These coatings may be applied by conventional methods to different substrates, e.g. house sidings and other weather-exposed articles by known methods such as brushing, spraying, roller coating and the like. The substrates may include wood, various metals such as aluminum, composition, brick, stucco, etc.
In comparison to other esterified starches, the low molecular weight starches of this invention are regarded as having a high degree of substitution in starch technology. The low degree of substitution materials are more common, in that the D. S. values range anywhere from 0.0001 up to 0.05. These materials, however, are not particularly different from the unmodified starches and, therefore, they must be chemically modified to adjust the hydrophilic/hydrophobic characteristics. Generally, the hydrophobicity of the starch increases as the degree of substitution increases as indicated by the solubility characteristics of the modified starches which changes from a water-soluble, organic-insoluble at low degrees of substitution to water-insoluble, organic-soluble at high degrees of substitution. For example, the starch half-esters having the necessary degree of substitution are esters which are insoluble in water, but soluble in organic solvents or basic aqueous media.
The basic starch material, utilized in preparing the half-esters may be derived from various vegetable sources such as corn, wheat, rice, potatoes, grain, tapioca, etc. These starches are predominantly and in some instances exclusively amylose or amylopectin or a mixture of these two types of molecules in various proportions. The high molecular weight starches may be converted to a lower molecular weight, for purposes of this invention, by various known processes, e.g. by exposing the starch molecule to acid, enzymes, heat, etc. under conditions of various concentrations, solvent, temperatures, pressures, etc. As indicated, the low molecular weight starches that have been derivatized before or after the hydrolysis may be used either alone or in combination with the unmodified starches so long as the degree of substitution is below 0.1. These starch derivatives include, for example, the starch ethers, carbamates, esters, etc. The preferred materials include the low molecular weight hydrolyzed starches and its derivatives characterized as having a dextrose equivalent value ranging up to about 40 and more likely up to 30 as measured by the Luc-Schoorl method.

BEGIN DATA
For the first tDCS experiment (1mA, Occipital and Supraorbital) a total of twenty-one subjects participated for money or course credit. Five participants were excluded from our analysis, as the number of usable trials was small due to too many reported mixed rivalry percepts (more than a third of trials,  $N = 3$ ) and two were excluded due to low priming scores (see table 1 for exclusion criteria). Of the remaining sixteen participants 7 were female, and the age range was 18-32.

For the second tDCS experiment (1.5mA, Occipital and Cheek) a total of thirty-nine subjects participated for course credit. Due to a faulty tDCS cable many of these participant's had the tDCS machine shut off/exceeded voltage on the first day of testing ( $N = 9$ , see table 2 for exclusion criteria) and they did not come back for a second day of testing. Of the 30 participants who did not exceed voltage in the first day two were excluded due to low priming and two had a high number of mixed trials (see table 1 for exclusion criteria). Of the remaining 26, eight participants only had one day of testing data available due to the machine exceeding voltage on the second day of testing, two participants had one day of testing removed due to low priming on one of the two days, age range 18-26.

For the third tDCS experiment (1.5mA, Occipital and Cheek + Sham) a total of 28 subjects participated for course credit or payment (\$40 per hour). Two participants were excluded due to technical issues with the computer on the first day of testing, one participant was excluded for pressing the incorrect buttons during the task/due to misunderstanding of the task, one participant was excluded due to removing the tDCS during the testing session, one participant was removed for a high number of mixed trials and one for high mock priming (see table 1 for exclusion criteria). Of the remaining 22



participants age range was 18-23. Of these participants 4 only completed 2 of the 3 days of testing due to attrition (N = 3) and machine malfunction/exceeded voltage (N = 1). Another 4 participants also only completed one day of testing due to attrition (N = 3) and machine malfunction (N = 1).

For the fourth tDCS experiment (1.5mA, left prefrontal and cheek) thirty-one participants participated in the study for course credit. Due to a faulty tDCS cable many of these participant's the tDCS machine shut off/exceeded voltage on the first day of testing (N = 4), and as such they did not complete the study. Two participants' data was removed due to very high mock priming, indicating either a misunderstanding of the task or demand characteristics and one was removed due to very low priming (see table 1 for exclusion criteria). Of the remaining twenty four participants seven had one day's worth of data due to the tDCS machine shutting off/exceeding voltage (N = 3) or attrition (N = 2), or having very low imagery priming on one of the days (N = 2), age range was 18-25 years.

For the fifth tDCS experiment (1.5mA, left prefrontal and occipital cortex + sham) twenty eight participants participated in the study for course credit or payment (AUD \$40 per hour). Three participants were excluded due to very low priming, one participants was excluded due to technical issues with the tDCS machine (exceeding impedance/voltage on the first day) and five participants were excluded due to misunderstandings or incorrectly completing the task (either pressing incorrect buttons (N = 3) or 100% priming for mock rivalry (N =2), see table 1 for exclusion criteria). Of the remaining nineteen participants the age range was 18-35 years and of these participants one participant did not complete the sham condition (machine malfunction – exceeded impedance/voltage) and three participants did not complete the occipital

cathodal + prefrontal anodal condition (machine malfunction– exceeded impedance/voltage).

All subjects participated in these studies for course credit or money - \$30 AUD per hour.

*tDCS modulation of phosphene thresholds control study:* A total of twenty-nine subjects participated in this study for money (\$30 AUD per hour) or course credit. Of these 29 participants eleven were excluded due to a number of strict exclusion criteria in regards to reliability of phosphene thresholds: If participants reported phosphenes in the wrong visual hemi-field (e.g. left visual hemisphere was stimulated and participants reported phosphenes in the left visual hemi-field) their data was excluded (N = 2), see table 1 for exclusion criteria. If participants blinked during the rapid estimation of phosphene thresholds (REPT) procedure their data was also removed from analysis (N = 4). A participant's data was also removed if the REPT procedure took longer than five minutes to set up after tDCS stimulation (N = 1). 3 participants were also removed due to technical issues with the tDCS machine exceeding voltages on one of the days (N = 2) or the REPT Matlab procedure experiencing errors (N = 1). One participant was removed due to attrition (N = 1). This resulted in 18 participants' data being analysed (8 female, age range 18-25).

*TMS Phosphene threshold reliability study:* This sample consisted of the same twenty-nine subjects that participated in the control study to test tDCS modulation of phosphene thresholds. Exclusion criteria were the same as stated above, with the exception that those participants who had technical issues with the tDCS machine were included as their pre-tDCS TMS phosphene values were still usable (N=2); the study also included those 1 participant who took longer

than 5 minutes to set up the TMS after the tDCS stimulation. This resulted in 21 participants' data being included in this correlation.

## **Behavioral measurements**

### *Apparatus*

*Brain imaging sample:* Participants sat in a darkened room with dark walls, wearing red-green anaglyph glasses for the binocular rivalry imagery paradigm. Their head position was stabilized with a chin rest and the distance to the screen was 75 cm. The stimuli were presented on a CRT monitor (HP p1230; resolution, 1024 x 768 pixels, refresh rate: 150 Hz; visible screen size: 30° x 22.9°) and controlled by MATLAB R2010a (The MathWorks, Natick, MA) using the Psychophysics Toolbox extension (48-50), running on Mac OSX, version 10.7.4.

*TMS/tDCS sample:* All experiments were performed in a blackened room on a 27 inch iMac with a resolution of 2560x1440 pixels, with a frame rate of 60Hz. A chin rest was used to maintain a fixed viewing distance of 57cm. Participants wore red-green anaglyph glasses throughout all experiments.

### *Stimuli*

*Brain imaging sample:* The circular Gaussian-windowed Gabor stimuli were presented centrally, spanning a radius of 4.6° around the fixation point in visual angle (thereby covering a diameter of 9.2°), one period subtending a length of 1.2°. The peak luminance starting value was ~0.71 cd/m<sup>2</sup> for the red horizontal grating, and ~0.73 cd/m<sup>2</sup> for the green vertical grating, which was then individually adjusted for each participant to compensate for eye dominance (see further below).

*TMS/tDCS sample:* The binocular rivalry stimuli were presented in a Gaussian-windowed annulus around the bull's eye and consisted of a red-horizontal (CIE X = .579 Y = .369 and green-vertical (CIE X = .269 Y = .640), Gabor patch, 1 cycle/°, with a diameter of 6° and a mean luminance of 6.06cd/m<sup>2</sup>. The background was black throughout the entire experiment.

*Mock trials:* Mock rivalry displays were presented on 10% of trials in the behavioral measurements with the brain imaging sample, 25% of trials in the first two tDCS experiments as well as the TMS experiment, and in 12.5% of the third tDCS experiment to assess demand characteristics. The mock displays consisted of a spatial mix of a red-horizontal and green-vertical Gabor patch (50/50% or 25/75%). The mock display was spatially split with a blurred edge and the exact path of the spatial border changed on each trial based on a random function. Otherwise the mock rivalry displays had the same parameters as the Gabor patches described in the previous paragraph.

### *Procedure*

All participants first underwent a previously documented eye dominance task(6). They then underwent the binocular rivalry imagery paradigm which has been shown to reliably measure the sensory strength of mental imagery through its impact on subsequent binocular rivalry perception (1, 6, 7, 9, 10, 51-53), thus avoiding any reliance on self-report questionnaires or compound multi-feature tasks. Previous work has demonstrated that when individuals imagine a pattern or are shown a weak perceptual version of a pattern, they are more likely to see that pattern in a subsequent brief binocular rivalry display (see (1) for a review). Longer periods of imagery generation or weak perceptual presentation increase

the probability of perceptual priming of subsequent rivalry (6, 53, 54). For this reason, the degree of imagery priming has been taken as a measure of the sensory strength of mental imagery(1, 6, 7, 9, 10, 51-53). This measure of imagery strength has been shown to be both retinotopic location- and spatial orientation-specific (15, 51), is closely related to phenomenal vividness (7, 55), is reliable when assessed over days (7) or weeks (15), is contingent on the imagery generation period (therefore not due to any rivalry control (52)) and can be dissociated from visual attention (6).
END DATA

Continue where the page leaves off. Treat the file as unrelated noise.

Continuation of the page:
The starch hydrolysates consist essentially of either linear or branched chains or in the alternative may have a distribution of species ranging from linear, i.e. the straight chain or prevailing linear to the highly rearranged or branched chains. Specifically, these materials include the enzyme-modified starches, the acid hydrolysates, the low D. E. hydrolysates, the dextrins and various derivatives or modified hydrolysates as indicated herein and various other low molecular weight starches which are commercially available as cereal solids, maltodextrins, dried syrups, thin boiling starches, amylose fractions, etc. Any one or all of these low molecular weight starches and the derivatives thereof may be used and are referred to herein by the term "low molecular weight hydrolyzed starches." The half-esters of starch may be described as containing anionic groups pendant from the backbone of the polymer and include the aliphatic and/or aromatic half-ester groups, i.e. the residues of a cyclic, aliphatic and/or aromatic anhydride. These simple half-esters are derived from cyclic anhydrides such that each esterified group has a pendant carboxyl group which may be further reacted, i.e. neutralized to adjust the hydrophilic characteristics of the polymer. These esterified starches are considered essentially polyelectrolytic and may be solubilized in water by the addition of a base, e.g. reacting the pendant carboxyl groups with an alkali metal compound such as the metal hydroxide. As the degree of substitution increases, the starch molecules become highly charged in a neutralized state. Typical examples include starch phthalates, starch succinates and particularly the alkenyl succinates. As illustrated in the following formula, n has a value such that the average molecular weight of the molecule ranges from as low as 400 up to about 100,000. ##STR2##